Long before Lostpedia and in-character Mad Men tweets; long before Kirk made out with Spock in a turbolift, courtesy of some devotee's overheated imagination; long before the words slash and drabble came to signify genres of, ahem, literature, there was Sherlock Holmes. Scarcely had Arthur Conan Doyle begun publishing his tales of the deductive detective when an avid fan base sprang up, the first of a new breed of followers. These early Sherlockians weren't content simply to read the books. They wanted to enter the world Conan Doyle had created, puppeteer his characters, and design their own mysteries for Holmes to solve. In short, they wanted to play, and, with Xbox still a few years off, they ended up doing the next best thing: They wrote stories. Lots of them.
How did this come about? IN large part because Conan Doyle (1) prematurely abandoned Holmes (killed him off in fact) and (2) left major crack in the Holmesverse encouraging fanfic spackling:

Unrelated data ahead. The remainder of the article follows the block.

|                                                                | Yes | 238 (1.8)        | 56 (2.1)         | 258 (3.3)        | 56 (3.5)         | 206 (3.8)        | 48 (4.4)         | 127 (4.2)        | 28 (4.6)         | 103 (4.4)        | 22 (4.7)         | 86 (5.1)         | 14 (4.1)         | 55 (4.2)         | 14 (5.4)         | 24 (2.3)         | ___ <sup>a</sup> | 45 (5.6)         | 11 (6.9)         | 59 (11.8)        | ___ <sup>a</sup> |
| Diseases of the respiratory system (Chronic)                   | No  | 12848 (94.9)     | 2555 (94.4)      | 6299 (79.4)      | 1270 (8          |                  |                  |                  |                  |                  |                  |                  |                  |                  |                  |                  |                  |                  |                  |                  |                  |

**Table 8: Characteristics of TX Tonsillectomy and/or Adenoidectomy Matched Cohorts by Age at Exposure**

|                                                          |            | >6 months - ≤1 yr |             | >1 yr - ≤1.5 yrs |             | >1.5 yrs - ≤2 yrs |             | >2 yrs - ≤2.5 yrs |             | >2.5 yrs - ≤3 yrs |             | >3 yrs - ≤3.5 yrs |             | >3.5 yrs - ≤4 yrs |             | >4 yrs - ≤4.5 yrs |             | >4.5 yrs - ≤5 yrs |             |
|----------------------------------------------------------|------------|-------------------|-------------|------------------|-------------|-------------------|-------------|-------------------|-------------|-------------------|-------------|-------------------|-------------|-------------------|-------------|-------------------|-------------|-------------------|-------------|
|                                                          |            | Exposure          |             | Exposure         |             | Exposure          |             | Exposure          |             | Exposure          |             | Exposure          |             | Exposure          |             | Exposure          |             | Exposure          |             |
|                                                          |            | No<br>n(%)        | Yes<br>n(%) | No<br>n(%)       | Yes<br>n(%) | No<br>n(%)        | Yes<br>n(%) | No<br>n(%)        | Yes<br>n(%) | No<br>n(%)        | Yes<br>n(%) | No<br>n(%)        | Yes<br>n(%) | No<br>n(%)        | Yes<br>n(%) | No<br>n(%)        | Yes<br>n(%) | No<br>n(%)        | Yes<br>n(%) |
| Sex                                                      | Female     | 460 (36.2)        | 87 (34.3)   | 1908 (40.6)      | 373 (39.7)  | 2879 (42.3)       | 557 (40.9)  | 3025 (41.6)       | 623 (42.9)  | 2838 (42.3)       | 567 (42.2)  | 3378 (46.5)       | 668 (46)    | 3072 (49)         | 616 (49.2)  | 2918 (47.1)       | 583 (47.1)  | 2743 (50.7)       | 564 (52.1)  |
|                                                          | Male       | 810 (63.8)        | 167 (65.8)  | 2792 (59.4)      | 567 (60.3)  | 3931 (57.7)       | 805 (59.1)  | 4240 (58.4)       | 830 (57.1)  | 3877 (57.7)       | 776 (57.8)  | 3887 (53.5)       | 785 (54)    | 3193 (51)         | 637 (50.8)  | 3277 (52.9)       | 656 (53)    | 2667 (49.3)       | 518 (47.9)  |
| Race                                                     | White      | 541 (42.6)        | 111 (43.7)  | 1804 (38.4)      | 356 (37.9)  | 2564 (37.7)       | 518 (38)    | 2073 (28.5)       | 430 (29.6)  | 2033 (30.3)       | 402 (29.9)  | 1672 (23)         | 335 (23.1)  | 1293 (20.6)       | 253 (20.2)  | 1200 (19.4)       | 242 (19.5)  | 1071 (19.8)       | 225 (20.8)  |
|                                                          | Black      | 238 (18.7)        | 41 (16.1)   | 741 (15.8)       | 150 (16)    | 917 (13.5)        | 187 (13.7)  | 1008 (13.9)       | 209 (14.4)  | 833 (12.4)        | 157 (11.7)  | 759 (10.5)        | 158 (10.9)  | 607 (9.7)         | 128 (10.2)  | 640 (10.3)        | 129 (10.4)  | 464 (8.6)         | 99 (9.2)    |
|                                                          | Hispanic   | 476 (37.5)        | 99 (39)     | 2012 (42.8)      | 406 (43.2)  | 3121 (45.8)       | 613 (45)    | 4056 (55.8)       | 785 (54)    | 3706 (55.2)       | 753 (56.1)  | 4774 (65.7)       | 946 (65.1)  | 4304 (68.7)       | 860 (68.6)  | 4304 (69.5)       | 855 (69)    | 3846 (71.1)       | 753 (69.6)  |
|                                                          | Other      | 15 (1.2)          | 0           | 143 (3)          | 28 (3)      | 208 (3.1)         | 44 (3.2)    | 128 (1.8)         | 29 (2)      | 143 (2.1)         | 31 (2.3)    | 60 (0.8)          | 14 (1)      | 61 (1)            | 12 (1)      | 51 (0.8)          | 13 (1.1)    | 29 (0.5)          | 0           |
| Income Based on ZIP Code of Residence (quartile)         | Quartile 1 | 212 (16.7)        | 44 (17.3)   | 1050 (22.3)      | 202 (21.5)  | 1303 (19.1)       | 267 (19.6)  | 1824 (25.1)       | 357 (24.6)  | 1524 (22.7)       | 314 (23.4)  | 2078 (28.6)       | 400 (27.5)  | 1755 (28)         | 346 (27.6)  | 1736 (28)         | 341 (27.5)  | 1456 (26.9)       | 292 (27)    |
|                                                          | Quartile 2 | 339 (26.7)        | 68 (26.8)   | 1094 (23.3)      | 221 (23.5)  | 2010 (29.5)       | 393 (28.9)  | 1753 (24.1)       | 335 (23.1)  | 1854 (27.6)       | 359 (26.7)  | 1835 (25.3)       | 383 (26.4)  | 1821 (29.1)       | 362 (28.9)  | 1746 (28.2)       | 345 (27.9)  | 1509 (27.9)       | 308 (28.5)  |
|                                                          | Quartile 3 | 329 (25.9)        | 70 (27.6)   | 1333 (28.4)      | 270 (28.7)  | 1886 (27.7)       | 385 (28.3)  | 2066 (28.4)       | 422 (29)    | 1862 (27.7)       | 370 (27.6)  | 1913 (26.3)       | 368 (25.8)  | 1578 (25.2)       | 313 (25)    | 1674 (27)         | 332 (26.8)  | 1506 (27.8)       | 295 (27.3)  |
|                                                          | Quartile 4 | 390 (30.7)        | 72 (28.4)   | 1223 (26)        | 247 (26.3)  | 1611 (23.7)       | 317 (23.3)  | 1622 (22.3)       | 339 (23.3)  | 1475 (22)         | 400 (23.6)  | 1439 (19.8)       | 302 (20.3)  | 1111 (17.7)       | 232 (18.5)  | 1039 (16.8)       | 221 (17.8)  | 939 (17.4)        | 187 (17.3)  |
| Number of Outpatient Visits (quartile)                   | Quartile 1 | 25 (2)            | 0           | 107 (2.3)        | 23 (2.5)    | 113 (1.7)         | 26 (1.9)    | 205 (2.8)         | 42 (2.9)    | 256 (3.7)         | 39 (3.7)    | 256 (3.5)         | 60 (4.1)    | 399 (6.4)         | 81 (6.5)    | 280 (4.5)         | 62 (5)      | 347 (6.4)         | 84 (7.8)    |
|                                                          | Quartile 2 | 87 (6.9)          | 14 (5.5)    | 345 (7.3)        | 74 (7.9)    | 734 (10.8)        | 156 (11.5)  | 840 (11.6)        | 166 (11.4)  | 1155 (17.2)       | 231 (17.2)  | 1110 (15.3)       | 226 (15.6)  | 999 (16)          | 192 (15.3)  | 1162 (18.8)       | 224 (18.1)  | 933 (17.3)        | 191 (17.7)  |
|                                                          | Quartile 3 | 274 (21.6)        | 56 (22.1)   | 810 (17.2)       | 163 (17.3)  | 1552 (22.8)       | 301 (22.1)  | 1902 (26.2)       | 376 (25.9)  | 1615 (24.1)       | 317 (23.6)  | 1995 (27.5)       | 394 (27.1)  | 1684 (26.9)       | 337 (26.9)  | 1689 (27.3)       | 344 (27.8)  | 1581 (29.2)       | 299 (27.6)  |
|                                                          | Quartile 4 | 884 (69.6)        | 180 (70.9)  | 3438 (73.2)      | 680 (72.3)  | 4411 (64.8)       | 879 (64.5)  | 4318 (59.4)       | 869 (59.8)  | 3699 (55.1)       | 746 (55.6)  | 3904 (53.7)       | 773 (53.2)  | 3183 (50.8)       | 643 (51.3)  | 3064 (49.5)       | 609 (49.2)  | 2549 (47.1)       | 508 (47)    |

For Sir Arthur, God bless him, didn't write with an eye to what today's nerd would call "continuity." Crafting Holmes stories bored him, and he frequently lost track of details like the exact location of Watson's Afghan war wound (was it the shoulder or the leg?) and the precise status of Mrs. Watson. But Sir Arthur's table scraps, his inconsistencies and random allusions, made for a fan feast. From a throwaway line—a hilariously oblique reference such as "the giant rat of Sumatra, a story for which the world is not yet prepared"—scores of amateur yarns have been spun.
Brown quotes Christopher Morley, founder of The Baker Street Irregulars--"The whole Sherlock Holmes saga is a triumphant illustration of art's supremacy over life"--but add his own correction: "He might as well have written 'the story's supremacy over the author.'"